Government of India has faced serious criticism over some of its recent controversial orders. Even after revamping the economy and creating a positive environment in the country after NDA govt came into power last year, it has faced criticism from various sections of the society. From irresponsible statements made by its MPs to controversial land acquisition bill amendments, from imposing ban over porn websites to serving notices to 3 television media channels, government has been on the receiving end.
Among recent developments, Ministry of Home Affairs (MHA) has cancelled Greenpeace India’s registration last week. Five months MHA cancelled its license for receiving foreign donations. MHA has taken the harsh decision alleging the Environment NGO of concealing and mixing the foreign donations with local donations under Foreign Contributions Regulation Act (FCRA). The MHA has alleged that the NGO is running anti-development campaigns. On April 10, 2015 the government had suspended Greenpeace India’s licence to receive foreign donations, citing reasons such as “talks” with the AamAadmi Party (AAP), attempts to “delay and place illegal obstructions to India’s energy plans”, “campaigning, protesting and lobbying against government of India’s policies”, an anti-nuclear “full page colour advertisement in The Hindu with a sarcasm-laced header”.In its report, the government also mentioned a campaign against an Indian tea brand, which Greenpeace claimed contained hazardous pesticides.
The latest step by the Ministry of Home Affairs simply cancelling Greenpeace’s registration was but an expected next stage in the chain of events leading to a gag that is meant to choke. The obvious assumption is that without funds Greenpeace in India will not be able to function. This has come even as a petition from Greenpeace seeking release of funds to pay its staff, and alleging arbitrariness in the government’s action, is before the Delhi High Court. The action taken under the Foreign Contribution Regulation Act (FCRA) — which many NGOs say is a bad application of a poorly drafted piece of legislation — means Greenpeace will not be able to receive any foreign donations. The move has made other NGOs vulnerable too; they face a tough choice, of either complying with the government’s line, or fading out. The media have reported that the invoking of the provisions of the Act followed certain actions by Greenpeace that were deemed inimical to the economic interests of the state. Everything from placing advertisements in newspapers to organising protests against the Kundankulam nuclear plant to anti-nuclear activism, was deemed inimical. Already there is word of some NGOs trying to tailor their activities to suit the interests of the government. What can a democratically elected government possibly achieve by enforcing such compliance and conformity?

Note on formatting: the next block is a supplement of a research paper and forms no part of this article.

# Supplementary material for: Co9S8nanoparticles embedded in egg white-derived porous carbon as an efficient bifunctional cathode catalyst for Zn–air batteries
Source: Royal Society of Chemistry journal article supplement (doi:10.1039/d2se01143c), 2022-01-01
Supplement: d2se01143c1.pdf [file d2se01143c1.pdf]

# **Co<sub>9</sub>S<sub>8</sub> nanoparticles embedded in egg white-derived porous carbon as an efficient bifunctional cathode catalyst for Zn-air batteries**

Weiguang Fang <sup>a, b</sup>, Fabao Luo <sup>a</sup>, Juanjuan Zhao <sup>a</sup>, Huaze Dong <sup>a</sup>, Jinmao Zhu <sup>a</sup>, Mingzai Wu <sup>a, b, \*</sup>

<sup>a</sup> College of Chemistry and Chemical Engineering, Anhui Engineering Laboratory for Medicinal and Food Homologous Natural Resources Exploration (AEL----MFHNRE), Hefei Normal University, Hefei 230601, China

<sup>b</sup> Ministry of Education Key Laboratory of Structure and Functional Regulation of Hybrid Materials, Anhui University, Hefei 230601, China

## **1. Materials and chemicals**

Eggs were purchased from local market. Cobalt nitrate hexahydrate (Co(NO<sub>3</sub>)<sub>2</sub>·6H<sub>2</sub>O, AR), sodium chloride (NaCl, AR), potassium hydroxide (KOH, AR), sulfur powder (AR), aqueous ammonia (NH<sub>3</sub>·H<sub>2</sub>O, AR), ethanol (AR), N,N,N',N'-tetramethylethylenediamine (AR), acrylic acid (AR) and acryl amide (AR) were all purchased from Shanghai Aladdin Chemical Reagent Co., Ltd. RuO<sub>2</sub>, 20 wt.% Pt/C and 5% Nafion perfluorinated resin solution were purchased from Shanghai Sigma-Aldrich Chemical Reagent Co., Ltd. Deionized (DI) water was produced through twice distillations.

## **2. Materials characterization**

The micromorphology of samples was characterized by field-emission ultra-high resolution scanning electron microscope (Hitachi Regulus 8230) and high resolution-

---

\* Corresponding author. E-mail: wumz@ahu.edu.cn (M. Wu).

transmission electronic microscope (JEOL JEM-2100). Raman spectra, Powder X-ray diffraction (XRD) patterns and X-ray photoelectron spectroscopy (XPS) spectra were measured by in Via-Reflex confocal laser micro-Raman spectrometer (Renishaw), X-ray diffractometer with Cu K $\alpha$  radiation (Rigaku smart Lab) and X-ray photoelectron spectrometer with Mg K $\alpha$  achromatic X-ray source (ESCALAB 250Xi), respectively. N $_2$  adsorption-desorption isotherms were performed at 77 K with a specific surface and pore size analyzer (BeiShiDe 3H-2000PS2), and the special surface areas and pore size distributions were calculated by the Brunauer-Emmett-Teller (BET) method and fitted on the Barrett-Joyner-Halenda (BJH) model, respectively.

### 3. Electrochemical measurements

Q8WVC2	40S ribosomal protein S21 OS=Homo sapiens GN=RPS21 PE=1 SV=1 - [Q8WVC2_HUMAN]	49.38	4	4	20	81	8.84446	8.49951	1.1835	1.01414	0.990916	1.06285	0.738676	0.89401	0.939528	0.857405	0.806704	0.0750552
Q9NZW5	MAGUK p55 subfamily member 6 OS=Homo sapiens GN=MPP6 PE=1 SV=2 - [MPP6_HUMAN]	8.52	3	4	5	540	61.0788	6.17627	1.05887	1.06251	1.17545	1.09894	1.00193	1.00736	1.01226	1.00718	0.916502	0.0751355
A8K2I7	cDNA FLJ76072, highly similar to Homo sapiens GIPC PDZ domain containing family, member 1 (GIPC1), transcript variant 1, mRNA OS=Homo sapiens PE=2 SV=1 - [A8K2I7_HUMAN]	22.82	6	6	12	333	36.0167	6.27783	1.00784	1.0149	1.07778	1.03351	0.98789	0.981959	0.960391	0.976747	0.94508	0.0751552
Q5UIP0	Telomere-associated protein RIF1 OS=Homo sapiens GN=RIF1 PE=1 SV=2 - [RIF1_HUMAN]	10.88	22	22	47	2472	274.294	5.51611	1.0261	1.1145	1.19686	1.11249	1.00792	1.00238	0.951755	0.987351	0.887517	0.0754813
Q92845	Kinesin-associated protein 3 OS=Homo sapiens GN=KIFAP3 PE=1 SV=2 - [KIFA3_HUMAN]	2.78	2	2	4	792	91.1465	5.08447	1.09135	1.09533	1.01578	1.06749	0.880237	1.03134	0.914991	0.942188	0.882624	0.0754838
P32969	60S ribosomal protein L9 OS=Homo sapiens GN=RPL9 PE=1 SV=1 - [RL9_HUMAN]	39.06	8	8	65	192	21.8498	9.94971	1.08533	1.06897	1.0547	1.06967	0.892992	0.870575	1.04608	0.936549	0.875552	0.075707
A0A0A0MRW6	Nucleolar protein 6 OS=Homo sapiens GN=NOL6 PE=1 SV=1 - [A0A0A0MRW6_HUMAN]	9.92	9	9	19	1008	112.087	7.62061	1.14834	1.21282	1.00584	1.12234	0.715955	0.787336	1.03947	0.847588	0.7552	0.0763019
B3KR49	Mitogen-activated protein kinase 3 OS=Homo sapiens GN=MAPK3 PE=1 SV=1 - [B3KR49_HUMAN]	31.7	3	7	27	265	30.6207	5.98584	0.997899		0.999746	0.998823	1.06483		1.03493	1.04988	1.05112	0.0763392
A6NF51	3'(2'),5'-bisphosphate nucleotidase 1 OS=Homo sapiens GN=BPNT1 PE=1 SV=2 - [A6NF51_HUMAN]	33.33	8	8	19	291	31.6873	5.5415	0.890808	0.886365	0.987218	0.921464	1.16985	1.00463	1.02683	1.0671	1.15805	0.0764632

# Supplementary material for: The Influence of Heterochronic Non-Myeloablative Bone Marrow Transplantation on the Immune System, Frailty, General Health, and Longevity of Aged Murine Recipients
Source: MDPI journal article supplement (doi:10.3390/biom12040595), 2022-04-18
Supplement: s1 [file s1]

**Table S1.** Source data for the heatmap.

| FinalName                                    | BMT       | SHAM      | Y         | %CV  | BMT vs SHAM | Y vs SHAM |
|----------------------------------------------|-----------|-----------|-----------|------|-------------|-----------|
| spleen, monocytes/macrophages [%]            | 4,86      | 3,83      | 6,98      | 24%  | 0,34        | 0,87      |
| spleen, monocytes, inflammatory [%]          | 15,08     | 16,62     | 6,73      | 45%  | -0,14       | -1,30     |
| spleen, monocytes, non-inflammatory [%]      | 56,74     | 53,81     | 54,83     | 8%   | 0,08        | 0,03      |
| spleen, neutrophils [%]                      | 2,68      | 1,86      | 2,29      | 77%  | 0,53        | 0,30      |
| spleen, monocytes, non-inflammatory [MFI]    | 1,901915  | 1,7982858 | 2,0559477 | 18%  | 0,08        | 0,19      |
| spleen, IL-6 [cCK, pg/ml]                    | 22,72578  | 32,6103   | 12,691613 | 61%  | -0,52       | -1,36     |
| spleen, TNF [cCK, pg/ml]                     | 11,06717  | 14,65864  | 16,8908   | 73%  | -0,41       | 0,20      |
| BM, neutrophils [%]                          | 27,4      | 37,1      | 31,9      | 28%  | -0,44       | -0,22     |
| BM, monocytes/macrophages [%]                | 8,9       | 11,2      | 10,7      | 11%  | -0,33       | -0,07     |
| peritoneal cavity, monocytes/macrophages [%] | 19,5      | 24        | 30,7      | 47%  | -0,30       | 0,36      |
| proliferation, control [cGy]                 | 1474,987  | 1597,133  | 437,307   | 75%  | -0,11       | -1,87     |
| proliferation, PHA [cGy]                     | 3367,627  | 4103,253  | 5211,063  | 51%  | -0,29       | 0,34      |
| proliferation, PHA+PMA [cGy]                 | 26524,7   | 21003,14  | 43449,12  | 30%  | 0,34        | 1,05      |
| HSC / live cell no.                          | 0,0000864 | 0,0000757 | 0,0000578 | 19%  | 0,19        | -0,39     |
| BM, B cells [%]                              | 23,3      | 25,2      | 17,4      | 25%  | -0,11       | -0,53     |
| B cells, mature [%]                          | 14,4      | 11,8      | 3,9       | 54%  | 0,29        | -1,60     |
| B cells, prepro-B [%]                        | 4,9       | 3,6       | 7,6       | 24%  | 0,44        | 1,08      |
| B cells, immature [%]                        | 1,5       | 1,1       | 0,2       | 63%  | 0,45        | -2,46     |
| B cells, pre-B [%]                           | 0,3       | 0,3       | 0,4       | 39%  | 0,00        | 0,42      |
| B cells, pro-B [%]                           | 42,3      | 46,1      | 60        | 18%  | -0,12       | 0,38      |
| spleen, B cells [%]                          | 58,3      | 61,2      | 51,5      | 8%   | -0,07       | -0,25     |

Need to amend FCRA
FCRA was enacted in 1976 and was amended in 2010. it has come in for criticism not only for the overarching control it seeks to have over people-based movements but also for the guidelines framed around it. The MHA is now changing the rules, spelling out what NGOs are required to do, even seeking to scrutinise their social media engagement. Whether the MHA should be looking into expenditure incurred by an NGO to teach street children, for instance, is a moot question. There is hypocrisy involved when some political parties are free to receive corporate donations, especially from abroad, without any questions asked. Equally, all NGOs must respect the law of the land, maintain transparency and remain above board: admittedly, there are some black sheep. Most of them comply; some don’t. But that should be no excuse to gag. Civil liberties and free speech go hand in hand. The government will be ill-advised to trample on these.